Thousands of albatrosses die needlessly every year as the victims of longling fishing. They are attracted to the baited hooks, get caught and are dragged under the water and drown.
Fishermen are often unaware of the simple, cost effective techniques that when used rapidly reduce albatross deaths.
In 2005, along with a number of our BirdLife International partners, the Albatross Task Force was formed. These men and women are the world's first international team of skilled, at-sea instructors.
Since their formation, there have been a dramatic reduction in the numbers of albatross and other seabirds killed. This is a sure sign that Albatross Task Force members really are getting something practical done to help save albatrosses from extinction.
This blog follows the trials and tribulations of the Albatross Task Force as they work onshore and at sea, spreading the message about these life-saving techniques.
I have been up to some exciting adventures.
Let's start with my second sea trip out on a trawlers fishing for hake. This vessel was slightly smaller than the last one I went on, so the rocking motion from the swell was even more exaggerated!
Needless to say I was seasick on this trip! The first day, I could definitely tell it was winter time, as we got hit with winds of Beaufort scale 7, with some rather large swell and waves, and so due to this and my seasickness I spent the whole day in bed!
The rest of the trip went much better especially as the weather improved. I encountered no new bird species to my personal sightings list and fortunately there were no birds killed during this trip. Some of the more interesting aspects of this trip included a visit from the first mate (who I might add was 66 years old) onto the catwalk at the back of the boat. This was quite a surprise as you had to climb up a horizontal ladder in the rocking motion, then move along a narrow platform and finally climb over the spare trawl nets to reach my data collection point! It was great to have a visitor up there in the cold though!!
My room was situated right next to the winches, making sure I never missed a trawl both day and night, which obviously meant very little sleep! But strangely enough when I returned home, I battled to sleep in the silence! Steaming home we had a great view of Table Mountain, Lions Head and the Twelve Apostles - definitely one of the most magnificent views anyone could ever see, especially from out at sea!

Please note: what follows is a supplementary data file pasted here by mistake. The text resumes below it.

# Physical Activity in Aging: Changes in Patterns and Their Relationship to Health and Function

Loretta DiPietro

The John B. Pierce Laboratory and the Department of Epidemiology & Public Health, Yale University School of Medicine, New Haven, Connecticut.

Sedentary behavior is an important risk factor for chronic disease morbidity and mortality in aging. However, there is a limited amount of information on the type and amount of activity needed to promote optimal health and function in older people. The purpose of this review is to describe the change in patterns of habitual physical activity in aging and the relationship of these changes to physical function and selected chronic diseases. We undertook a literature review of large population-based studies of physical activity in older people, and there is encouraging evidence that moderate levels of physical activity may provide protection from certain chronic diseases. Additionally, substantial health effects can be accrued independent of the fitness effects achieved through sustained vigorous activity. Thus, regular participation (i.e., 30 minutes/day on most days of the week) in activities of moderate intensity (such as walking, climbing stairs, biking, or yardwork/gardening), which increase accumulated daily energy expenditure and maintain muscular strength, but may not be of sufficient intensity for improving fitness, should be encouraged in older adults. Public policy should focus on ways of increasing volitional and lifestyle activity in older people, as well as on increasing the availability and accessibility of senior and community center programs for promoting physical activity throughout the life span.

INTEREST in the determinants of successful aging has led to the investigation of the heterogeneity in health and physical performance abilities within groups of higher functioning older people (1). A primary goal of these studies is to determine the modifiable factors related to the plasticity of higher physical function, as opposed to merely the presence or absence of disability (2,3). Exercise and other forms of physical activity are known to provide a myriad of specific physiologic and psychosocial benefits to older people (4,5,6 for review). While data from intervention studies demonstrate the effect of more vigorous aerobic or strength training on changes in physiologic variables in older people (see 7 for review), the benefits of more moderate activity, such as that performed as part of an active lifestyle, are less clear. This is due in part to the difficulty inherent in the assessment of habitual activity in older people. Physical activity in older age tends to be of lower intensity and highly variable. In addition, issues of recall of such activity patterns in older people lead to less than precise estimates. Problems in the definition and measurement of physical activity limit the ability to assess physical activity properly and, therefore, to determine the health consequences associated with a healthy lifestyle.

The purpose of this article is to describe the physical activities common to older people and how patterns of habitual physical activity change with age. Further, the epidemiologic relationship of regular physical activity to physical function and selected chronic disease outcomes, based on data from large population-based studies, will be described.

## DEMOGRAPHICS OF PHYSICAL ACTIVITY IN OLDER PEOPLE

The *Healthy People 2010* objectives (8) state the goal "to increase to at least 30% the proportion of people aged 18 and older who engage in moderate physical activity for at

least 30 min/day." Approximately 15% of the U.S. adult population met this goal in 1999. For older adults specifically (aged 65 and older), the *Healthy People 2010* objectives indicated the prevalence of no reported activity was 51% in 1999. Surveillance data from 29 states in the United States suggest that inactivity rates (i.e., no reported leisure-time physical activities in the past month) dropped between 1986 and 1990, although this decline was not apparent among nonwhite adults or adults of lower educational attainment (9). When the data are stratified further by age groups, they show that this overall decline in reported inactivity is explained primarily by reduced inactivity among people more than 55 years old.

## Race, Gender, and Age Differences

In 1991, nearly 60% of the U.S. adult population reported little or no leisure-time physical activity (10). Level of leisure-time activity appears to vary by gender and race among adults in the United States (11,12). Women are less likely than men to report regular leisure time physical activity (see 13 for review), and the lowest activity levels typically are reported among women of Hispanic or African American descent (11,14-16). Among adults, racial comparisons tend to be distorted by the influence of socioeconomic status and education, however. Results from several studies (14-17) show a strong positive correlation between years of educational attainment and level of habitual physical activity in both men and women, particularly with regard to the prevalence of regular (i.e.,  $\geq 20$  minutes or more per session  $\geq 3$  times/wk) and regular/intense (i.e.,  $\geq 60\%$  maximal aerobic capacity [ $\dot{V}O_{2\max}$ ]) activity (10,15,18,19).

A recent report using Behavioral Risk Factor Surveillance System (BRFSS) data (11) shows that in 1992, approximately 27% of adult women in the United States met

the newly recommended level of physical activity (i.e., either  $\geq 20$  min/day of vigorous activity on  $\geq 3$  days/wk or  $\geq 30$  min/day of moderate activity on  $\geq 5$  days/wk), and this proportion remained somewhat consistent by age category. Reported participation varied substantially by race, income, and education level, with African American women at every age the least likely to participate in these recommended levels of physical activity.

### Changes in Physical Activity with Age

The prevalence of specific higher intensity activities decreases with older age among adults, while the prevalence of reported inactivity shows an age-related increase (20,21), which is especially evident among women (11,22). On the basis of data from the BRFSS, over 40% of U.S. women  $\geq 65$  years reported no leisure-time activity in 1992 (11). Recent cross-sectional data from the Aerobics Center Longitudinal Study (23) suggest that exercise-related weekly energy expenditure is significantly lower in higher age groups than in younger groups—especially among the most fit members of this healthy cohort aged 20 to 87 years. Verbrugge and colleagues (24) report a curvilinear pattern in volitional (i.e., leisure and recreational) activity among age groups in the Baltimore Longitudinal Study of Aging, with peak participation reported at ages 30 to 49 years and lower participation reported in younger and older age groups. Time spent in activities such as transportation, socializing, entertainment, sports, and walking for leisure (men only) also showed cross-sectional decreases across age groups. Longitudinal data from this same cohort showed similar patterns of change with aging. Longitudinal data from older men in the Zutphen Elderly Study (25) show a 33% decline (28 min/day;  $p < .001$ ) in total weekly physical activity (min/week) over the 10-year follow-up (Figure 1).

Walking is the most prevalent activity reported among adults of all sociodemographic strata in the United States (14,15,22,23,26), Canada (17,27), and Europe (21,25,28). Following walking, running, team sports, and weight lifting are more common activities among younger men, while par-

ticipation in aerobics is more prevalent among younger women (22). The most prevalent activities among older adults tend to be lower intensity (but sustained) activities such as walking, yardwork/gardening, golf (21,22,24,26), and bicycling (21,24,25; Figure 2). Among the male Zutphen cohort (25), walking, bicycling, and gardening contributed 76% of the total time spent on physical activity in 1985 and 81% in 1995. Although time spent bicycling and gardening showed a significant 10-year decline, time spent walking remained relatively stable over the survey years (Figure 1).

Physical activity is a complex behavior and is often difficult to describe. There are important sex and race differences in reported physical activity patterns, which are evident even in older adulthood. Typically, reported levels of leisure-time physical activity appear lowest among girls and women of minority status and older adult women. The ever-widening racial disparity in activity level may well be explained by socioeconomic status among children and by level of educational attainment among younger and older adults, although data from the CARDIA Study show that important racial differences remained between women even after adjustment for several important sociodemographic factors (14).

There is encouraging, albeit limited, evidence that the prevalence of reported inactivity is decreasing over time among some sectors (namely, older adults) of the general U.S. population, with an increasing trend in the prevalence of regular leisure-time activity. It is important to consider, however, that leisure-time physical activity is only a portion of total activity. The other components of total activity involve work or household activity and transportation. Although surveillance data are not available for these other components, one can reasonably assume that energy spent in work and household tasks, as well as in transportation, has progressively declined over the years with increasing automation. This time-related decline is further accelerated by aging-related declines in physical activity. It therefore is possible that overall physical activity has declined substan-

Then back on land, it was time to download the data collected at sea, as well as give a workshop to seabird observers (they help collect data from out at sea).
I had the opportunity to tell them about the albatross and seabirds that are getting killed during fishing operations in the South African waters. I was able to tell them how they could take action to prevent killings. I told them about the current fishing permit conditions and mitigation measures in place to reduce seabird mortalities on our vessels and of course a section on seabird identification. This was the first time I had given one of these workshops on my own and I must say it was a huge amount of fun and the observers gained a lot of information and a better idea of what to expect out at sea.
I went back out to sea, this time on an I&J deep-sea hake trawler for 7 days. Fishing was fantastic with some of the best fishing I have ever seen. There were no seabirds caught on this trips. I was also very excited and lucky enough to see both the northern and southern giant petrels, with the southern petrel in its white plumage phase - quite a stunning bird. I saw hundreds of pintado petrels, with fewer albatrosses, probably due to the fact that the vessel was using a crusher, mincing the fish waste (eg. fish heads) into unrecognizably small discards, which tends to attract the smaller birds.
Once again I was totally spoilt on this vessel, with the first mate bringing me a cup of hot coffee onto the catwalk while I was collecting my data in the wind and slight drizzle of rain. This was very much welcomed! The skipper even came and joined me while collecting data at the back of the vessel - what a surprise! This skipper was great and did his absolute best to make me feel as welcome and comfortable as possible.
As usual, the food was great and the cook once again forgot that I am a woman and will not eat the same as the crew (who eat at least six slices of bread, soup, a whole plate of food and dessert). I must say this was the best trip I have had do far! So overall it's been a pretty busy and fun-filled last few weeks.